Financial market learns little from its mistakes

Tom Bonan

Contributing Writer

Anniversaries are continually coming and going. They often invoke memories, either nostalgic or negative, and make us reflect on our current state of being. Each one acts as a reminder that significant events are an invariable part of life.

Sept. 15 marked the fifth anniversary of the collapse of Lehman Brothers, one of the most devastating moments of the Great Recession. This crisis resulted in millions of newly unemployed workers, deprivation of trillions of dollars of wealth and housing equity, and over $2 trillion of lost economic output since 2008. The most overwhelming consequence of the meltdown is the lack of change in the culture that led to the crisis.

The movement of deregulation began with the conservative ascendancy in the late 1980s, reaching its apotheosis with the repeal of the Glass-Steagall Act (a law separating commercial and investment banks dating back to the Great Depression) under President Bill Clinton in 1999.

As the country entered the second millennium, the contemporaneous surge of reckless government spending on the part of the states and the federal government, along with artificially low interest rates and minimal borrowing prerequisites, helped inflate the sense of economic exceptionalism-irrational exuberance as Alan Greenspan noted during a similar financial bubble in the tech industry just years before.

After the collapse of the housing market in 2006 and the subsequent financial meltdown in 2008, President Barack Obama ran for office on the platform of change and the revitalization of the American economy. The rhetoric of his campaign and the physical policy changes could not be more disparate. Obama has even kept two prominent Bush-era advisors–Larry Summers and Tim Geithner–and even considered appointing Summers to the post of Federal Reserve Chairman in 2014 until he withdrew his name on Sept. 15 due to liberal opposition.

Last month, federal regulators also repealed a provision of the Dodd-Frank Act requiring stricter reserve requirements for risky securities holdings. This was preceded by the “London Whale” incident, in which JPMorgan Chase lost $7 billion as a part of their “hedging” strategy. This method of business-characteristic of large investment firms such as AIG, Goldman Sachs, and CitiGroup-was one of the principle causes of the financial panic, and it’s notable for its inherent risk.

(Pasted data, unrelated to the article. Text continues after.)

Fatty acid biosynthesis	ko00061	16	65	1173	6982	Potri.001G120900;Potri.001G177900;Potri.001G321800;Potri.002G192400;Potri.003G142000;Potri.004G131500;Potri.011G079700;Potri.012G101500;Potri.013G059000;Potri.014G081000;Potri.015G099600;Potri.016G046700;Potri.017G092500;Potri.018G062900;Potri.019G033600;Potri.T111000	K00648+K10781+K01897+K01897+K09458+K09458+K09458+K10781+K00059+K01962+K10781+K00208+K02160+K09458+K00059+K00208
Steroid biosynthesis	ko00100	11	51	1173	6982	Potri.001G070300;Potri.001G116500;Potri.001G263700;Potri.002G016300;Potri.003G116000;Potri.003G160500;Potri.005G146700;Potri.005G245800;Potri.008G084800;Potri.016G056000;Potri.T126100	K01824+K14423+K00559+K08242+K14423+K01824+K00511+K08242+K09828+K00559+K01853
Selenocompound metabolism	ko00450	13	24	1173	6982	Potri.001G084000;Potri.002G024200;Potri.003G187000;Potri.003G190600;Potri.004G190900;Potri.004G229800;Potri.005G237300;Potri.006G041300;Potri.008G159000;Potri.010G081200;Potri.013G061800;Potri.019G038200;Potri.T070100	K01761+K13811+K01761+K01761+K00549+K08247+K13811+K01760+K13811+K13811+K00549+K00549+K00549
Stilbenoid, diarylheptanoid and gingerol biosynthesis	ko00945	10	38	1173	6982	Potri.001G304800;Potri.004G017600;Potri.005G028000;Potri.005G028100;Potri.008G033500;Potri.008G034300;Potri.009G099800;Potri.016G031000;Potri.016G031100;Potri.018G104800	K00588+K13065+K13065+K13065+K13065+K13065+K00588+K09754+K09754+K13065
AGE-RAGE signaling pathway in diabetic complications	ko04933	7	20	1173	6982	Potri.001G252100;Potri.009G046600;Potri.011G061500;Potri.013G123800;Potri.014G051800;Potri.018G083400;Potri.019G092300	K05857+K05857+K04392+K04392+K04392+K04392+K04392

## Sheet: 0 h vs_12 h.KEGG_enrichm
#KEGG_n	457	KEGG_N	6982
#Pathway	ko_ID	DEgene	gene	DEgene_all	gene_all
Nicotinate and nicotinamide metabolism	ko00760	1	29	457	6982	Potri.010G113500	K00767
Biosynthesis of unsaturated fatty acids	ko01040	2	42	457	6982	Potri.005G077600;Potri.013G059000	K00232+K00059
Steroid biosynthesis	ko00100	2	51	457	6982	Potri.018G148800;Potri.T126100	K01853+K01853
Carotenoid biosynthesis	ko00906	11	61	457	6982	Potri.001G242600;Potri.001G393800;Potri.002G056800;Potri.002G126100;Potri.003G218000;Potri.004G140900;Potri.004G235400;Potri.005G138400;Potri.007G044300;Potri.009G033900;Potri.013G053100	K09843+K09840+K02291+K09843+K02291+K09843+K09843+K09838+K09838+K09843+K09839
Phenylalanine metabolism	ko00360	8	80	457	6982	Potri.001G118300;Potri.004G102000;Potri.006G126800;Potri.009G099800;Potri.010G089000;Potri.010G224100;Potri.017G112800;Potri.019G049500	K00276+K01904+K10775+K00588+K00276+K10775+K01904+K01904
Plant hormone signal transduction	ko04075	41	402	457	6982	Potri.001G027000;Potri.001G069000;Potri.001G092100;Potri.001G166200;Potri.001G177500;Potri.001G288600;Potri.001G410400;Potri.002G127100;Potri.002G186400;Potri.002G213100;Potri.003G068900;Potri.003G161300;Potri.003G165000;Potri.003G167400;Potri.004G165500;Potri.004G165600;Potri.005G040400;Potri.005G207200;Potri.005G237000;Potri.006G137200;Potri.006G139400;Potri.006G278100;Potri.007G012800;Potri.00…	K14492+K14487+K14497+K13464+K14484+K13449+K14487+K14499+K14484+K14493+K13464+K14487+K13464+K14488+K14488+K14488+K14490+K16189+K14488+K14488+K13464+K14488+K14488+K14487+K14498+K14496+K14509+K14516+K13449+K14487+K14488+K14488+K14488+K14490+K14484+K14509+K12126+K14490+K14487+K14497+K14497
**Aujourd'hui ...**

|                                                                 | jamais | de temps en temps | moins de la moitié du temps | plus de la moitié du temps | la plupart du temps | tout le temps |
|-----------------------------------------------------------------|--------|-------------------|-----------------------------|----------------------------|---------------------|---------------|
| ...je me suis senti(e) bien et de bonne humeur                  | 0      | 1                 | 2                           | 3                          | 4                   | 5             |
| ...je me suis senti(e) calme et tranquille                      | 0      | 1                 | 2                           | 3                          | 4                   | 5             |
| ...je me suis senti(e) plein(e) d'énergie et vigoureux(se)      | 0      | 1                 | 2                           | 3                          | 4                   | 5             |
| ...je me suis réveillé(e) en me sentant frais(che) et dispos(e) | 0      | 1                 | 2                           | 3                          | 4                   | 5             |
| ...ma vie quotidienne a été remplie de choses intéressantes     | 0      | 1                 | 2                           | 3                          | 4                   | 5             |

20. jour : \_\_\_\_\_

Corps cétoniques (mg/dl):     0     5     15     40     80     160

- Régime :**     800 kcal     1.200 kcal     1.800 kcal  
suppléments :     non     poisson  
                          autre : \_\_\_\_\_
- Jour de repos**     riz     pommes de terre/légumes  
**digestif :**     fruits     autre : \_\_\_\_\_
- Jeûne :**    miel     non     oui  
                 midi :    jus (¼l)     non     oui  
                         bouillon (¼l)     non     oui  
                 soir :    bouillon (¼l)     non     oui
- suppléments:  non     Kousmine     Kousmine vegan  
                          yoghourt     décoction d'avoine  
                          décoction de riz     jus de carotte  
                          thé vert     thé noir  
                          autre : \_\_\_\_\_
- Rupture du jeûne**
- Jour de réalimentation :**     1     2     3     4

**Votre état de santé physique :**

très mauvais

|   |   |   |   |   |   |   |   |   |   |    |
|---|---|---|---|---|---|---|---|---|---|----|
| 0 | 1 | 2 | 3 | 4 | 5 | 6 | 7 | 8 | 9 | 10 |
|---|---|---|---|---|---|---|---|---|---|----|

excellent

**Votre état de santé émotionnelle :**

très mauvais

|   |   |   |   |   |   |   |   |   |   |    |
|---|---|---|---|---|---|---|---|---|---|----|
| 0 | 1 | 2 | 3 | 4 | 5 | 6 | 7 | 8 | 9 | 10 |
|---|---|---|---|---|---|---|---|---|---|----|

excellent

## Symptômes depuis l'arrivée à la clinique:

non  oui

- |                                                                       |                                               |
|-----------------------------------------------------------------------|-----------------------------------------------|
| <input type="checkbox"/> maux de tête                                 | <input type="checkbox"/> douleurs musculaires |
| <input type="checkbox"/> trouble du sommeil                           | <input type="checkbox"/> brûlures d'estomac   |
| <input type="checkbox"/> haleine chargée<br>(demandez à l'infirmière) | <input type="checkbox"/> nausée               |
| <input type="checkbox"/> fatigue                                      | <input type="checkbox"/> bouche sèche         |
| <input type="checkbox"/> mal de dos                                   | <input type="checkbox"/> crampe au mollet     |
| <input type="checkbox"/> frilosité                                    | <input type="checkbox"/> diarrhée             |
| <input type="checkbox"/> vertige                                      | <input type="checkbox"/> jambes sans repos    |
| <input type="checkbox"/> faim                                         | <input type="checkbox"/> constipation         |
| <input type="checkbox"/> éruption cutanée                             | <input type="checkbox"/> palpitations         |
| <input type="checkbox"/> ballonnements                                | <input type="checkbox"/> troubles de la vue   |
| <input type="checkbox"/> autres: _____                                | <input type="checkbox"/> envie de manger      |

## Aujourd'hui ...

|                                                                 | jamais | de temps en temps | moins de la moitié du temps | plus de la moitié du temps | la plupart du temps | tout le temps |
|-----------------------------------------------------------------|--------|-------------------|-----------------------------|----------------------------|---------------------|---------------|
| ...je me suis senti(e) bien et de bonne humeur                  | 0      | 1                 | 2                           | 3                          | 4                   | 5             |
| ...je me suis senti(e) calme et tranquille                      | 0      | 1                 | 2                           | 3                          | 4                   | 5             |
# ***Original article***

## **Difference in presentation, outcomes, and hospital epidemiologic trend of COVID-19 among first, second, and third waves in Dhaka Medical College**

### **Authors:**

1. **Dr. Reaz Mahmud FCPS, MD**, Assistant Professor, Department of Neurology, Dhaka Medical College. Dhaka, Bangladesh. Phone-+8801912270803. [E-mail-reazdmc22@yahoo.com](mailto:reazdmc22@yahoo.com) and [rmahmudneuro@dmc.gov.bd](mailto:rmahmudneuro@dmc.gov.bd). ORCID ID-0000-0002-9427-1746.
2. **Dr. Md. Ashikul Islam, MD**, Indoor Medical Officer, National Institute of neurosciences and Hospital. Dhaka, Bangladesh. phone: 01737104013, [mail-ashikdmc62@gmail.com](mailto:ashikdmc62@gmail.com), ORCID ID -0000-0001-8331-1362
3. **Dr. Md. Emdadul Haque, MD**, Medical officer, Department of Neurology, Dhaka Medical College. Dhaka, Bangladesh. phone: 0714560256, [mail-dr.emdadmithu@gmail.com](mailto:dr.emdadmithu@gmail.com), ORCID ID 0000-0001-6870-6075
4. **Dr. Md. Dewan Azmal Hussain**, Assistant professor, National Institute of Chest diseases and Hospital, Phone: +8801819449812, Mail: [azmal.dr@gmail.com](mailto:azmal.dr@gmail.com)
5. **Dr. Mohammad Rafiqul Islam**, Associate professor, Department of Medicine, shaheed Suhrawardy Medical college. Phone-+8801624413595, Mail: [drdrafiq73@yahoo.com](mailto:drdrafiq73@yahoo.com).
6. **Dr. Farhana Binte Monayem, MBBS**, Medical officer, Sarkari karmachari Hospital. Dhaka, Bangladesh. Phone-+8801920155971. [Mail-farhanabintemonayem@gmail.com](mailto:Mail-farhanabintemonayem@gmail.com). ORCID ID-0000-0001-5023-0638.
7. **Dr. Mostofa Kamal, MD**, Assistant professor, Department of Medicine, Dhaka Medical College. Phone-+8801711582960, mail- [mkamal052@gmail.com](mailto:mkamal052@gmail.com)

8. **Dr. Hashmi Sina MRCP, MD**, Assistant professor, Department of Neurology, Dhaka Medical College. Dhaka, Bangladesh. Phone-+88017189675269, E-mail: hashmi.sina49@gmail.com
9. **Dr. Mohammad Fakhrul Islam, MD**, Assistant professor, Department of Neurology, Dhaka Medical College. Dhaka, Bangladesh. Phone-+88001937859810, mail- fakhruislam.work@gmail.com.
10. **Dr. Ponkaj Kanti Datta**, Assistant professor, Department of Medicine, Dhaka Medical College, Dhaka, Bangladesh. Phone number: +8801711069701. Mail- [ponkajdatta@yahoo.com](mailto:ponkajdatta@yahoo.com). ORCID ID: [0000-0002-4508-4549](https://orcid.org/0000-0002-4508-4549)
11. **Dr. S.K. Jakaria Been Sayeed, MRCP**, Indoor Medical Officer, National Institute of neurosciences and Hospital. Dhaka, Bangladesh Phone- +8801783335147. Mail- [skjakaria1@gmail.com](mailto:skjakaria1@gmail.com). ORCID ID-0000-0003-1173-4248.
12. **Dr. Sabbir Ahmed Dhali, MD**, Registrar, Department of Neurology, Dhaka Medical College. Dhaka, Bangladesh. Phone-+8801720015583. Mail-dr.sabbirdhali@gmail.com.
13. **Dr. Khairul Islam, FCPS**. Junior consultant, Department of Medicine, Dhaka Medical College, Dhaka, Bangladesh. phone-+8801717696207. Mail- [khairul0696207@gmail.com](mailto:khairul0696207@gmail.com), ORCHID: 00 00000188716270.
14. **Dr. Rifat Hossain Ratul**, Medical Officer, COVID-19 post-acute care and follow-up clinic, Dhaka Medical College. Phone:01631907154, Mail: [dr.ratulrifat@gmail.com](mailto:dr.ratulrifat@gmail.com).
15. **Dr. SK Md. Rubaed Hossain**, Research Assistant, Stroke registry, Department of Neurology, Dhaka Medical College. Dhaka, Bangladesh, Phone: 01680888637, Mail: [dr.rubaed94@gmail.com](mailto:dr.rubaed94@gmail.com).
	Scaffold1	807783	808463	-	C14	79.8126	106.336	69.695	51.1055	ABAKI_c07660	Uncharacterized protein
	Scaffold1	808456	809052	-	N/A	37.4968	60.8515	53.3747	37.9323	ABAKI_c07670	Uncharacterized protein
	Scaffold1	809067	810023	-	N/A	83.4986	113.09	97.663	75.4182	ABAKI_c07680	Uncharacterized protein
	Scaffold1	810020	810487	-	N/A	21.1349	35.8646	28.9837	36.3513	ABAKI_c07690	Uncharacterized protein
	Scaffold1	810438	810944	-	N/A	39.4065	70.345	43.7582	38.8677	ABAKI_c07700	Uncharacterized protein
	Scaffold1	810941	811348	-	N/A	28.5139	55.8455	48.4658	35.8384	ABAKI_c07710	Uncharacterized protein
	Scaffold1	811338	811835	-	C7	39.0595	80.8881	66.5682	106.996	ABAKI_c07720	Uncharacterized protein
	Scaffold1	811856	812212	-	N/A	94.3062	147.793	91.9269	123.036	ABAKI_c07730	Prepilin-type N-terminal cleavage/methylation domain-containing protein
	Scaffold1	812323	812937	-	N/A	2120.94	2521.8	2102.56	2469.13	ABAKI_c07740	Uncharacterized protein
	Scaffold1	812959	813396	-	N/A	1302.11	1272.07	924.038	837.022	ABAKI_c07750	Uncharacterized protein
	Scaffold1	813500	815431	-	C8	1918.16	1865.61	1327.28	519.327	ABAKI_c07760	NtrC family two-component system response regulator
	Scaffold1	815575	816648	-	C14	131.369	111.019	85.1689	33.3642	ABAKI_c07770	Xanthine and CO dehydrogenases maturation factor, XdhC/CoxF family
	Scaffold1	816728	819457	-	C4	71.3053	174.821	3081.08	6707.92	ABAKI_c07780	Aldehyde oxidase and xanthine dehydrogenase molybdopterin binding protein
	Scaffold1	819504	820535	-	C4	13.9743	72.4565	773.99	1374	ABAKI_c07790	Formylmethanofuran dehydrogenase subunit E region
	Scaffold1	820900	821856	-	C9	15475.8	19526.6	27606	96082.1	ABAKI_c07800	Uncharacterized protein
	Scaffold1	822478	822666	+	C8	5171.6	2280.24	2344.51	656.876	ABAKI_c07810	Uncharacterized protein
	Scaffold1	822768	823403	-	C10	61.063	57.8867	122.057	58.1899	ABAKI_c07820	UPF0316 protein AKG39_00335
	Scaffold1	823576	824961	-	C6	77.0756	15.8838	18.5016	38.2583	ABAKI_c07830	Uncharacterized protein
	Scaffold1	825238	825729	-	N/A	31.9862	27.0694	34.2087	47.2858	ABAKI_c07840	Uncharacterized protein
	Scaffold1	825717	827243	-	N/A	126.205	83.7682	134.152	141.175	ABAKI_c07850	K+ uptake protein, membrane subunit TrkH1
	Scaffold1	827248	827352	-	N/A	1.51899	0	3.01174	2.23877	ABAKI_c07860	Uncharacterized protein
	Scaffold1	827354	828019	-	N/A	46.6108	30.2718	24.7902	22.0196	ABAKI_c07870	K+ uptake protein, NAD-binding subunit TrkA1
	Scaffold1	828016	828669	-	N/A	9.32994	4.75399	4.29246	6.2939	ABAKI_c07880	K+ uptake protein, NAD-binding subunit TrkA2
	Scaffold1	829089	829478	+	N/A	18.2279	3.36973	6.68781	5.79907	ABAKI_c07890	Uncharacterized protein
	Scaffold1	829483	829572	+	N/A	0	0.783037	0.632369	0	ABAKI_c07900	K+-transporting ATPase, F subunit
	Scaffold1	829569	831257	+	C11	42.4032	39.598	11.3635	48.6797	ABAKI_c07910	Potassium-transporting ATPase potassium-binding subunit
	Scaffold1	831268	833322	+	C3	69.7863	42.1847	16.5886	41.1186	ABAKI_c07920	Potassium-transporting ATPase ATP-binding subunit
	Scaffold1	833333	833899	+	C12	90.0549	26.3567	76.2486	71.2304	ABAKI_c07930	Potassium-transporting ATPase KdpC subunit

The intrinsic nature of this Wall Street culture in politics is the source of its longevity. Republicans courted large donors in the 80s and 90s, helping to perpetuate their already prominent rise, causing Democrats to have to cater to the same league of donors. This is especially true after the Citizens United ruling in 2010. Since there is no lobby organization or Super PAC arguing on behalf of financial stability, the preponderance of the banking culture within the government survives uncontested.

Briefly, in 2009 and 2010, there were calls to dramatically alter the financial regulatory system and economic practices of the country. The media and the general public have since moved on, but this Administration–led by the vestigial flicker of the Bush Administration–has a fundamental obligation to change the direction the country is headed. Given the passive legislation and continuation of deregulatory-era policies, I believe the efficacy of any sort of future response will be limited.

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